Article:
gave herself time to eat, so earnest was she in her





PAGE 1

S THE FALSE HEIR. r God, who sends us all our joys and sorrows, does Snot forbid us from weeping and mourning; but He sends us blessings to cheer and console us in the midst of our troubles, and it is, my dear Victor, a very sweet blessing to me to see you so good and wise; and so, in spite of all my misfortunes, I am happy. My misfortunes, which, alas are yours also, my boy, I will soon reveal to you, for you are becoming every day more and more worthy to be entrusted with my secret. But I am weary now; let us leave this subject for another time, and we shall talk of something more lively as we go home." As they returned to their dwelling, they caught a glimpse of the castle through the trees, the windows of which were so brilliantly illuminated that they shone like so many stars in the distance. "0 mother how beautiful! exclaimed Victor, pausing to admire the scene. It must be a magnificent fete, and how pleased Augustus will be !" "I am not the least envious now, mother," added Sthe boy, with a sigh, "of Augustus and a11 the pleasures he enjoys. I do not envy him either his wealth or his fine clothes. It is his friendship or love only that I care about; and now, mother, I know well Senough whether he really cares for me dr not !"


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PAGE 1

22 TIE FALSE HEIR. And so Madame Kilberg continued to sound the praises of the dead. But," she added, my grief, violent though it be, must not prevent me from fulfilling my duty. My duty now, is to watch over the interests of my son, who is, as you all know, the baron's heir, and I am his guardian. And so, my good friends and neighbours, I will take possession of the keys in your presence." A profound silence prevailed in the room after those words, in the midst of which the lawyer stood forth and addressed Madame Kilberg. "Do not be so hasty, if you please, my dear madame," said he; the keys, in the meantime, belong to me. Augustus is not, as you believe, the bhron's heir, and you are only a stranger now in this house. To-morrow you will have full proof of it, but, in the meantime, you, and all here present, may satisfy yourselves as to the truth of this statement by reading over this paper, which I have carried about with me, in anticipation of the awful event which has just happened." And the lawyer drew from his pocket-book a letter, which he read aloud, and which was couched in these terms :-


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54 THE FALSE HEIR.
CHAPTER VIII.
IT is impossible to express Madame de Clary's joy
and delight when she once more saw the husband for
whom she had mourned and wept for so many long,
weary years. The thought of this meeting, or rather
the hope of it, had been the bright loadstar that had
shone aloft in the darkness, and helped her to bear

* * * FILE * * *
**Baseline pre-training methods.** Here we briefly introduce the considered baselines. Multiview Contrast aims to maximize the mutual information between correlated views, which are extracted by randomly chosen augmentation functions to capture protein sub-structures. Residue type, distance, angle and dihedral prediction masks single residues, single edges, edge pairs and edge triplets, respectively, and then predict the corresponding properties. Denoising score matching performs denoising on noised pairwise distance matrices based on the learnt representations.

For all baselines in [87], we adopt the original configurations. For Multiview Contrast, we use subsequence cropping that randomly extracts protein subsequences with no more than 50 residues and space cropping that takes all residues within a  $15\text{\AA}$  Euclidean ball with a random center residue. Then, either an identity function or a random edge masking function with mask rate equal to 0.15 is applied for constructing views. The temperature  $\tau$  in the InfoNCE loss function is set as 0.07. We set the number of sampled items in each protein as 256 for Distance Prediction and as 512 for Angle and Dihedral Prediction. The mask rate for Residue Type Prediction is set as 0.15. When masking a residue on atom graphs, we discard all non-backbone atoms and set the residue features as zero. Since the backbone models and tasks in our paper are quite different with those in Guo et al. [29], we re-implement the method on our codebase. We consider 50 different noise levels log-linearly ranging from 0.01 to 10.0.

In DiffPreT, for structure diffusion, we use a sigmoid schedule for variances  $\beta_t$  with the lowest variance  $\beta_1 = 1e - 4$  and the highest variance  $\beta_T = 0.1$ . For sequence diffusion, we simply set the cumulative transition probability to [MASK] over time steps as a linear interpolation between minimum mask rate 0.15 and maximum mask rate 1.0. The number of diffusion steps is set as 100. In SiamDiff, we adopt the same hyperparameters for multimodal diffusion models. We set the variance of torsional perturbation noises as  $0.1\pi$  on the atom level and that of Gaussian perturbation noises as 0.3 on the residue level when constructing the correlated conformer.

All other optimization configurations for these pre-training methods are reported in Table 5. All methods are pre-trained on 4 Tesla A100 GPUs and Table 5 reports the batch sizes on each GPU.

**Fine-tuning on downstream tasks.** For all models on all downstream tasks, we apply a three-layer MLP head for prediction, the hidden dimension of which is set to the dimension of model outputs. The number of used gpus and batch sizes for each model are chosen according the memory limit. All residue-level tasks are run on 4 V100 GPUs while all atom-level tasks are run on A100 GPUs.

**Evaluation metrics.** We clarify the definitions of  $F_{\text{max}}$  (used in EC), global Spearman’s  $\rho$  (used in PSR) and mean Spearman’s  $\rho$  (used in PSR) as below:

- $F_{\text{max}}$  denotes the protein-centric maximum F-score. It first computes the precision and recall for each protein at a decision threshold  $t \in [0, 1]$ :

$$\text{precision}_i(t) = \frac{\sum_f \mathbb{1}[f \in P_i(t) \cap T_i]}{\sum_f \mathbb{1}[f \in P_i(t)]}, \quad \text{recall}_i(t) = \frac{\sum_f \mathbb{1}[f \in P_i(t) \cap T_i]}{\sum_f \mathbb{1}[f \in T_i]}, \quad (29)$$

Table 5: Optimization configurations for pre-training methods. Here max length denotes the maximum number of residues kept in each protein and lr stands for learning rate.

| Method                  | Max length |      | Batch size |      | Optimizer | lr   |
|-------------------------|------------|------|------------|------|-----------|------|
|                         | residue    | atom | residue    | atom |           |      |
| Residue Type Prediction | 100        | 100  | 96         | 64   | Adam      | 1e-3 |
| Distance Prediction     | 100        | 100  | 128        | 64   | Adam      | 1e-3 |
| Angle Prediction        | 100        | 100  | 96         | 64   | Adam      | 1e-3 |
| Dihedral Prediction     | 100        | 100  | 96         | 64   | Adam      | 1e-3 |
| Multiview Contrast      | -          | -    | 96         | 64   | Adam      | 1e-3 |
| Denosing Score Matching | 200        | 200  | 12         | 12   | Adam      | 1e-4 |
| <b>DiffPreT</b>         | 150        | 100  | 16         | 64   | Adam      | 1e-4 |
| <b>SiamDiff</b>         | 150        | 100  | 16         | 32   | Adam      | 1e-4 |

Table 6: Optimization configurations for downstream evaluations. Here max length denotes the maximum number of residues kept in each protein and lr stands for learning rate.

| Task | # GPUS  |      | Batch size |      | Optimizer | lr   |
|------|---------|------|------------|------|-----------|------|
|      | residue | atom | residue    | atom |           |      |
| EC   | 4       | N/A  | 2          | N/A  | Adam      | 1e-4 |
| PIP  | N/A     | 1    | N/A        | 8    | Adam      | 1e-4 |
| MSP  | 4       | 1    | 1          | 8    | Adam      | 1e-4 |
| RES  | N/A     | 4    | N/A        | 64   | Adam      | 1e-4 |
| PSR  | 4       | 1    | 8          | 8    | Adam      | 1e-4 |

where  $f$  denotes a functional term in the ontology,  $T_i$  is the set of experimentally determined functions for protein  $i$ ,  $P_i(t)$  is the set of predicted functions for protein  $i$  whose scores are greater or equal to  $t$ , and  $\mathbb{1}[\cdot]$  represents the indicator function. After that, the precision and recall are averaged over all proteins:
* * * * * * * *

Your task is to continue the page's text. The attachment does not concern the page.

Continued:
all her grief and trouble; and now the happy little
family were united again by God's goodness, and they
mingled their tears of joy with their fervent thanks to
Him who doeth all things well, and from whose un-
erring hand come both our joys and our sorrows.
Then, how many things they had to relate to each
other On the evening, of the fatal battle that had
broken up their home, and torn them asunder, Ernest
de Clary was left for dead on the field; but he -ill
breathed, and it was through the humanity of a
French soldier that he was saved; this soldier, at
the very moment they were about to bury him with
the slain, thought he perceived a feeble spark of life
in the cold frame, though it was so very feeble that
he could hardly perceive it. Good and generous, as
all brave soldiers should be, he begged one of his
comrades to assist in conveying him to the hospital.



PAGE 1

32 THE FALS.E HEIR. Two months after his marriage, Ernest de Clary perished, as was believed, in one of those battles, for he had never more been heard of. In losing him, his unfortunate bride lost everything, for she could not prove her marriage. The little chapel where it had been celebrated, the whole village, the good old clergyman, had all perished in the flames, the day of this fatal battle. Madame Ernest could not obtain the smallest portion of her dead husband's fortune. His brothers seized upon everything, and even threatened the widow with a ruinous lawsuit if she persisted in calling herself by his name. She was then obliged to change it, and called herself simply Madame Ernest. She sold her mother's diamonds; and retaining two-thirds of the sum they brought, she spent the rest in purchasing a little house in a distant village, to which she retired with her newly-born son and her faithful old nurse. Some years after this, the lord of this village, who was very powerful and tyrannical, forced many of the inhabitants, and her amongst others, to sell their houses, in order to increase the dimensions ,of his park; and it was then the widow established herself at Rosenthal. In the midst of all her griefs and misfortunes her


THE FALSE HEIR. 41
hastened to the unfortunate boy's help. They had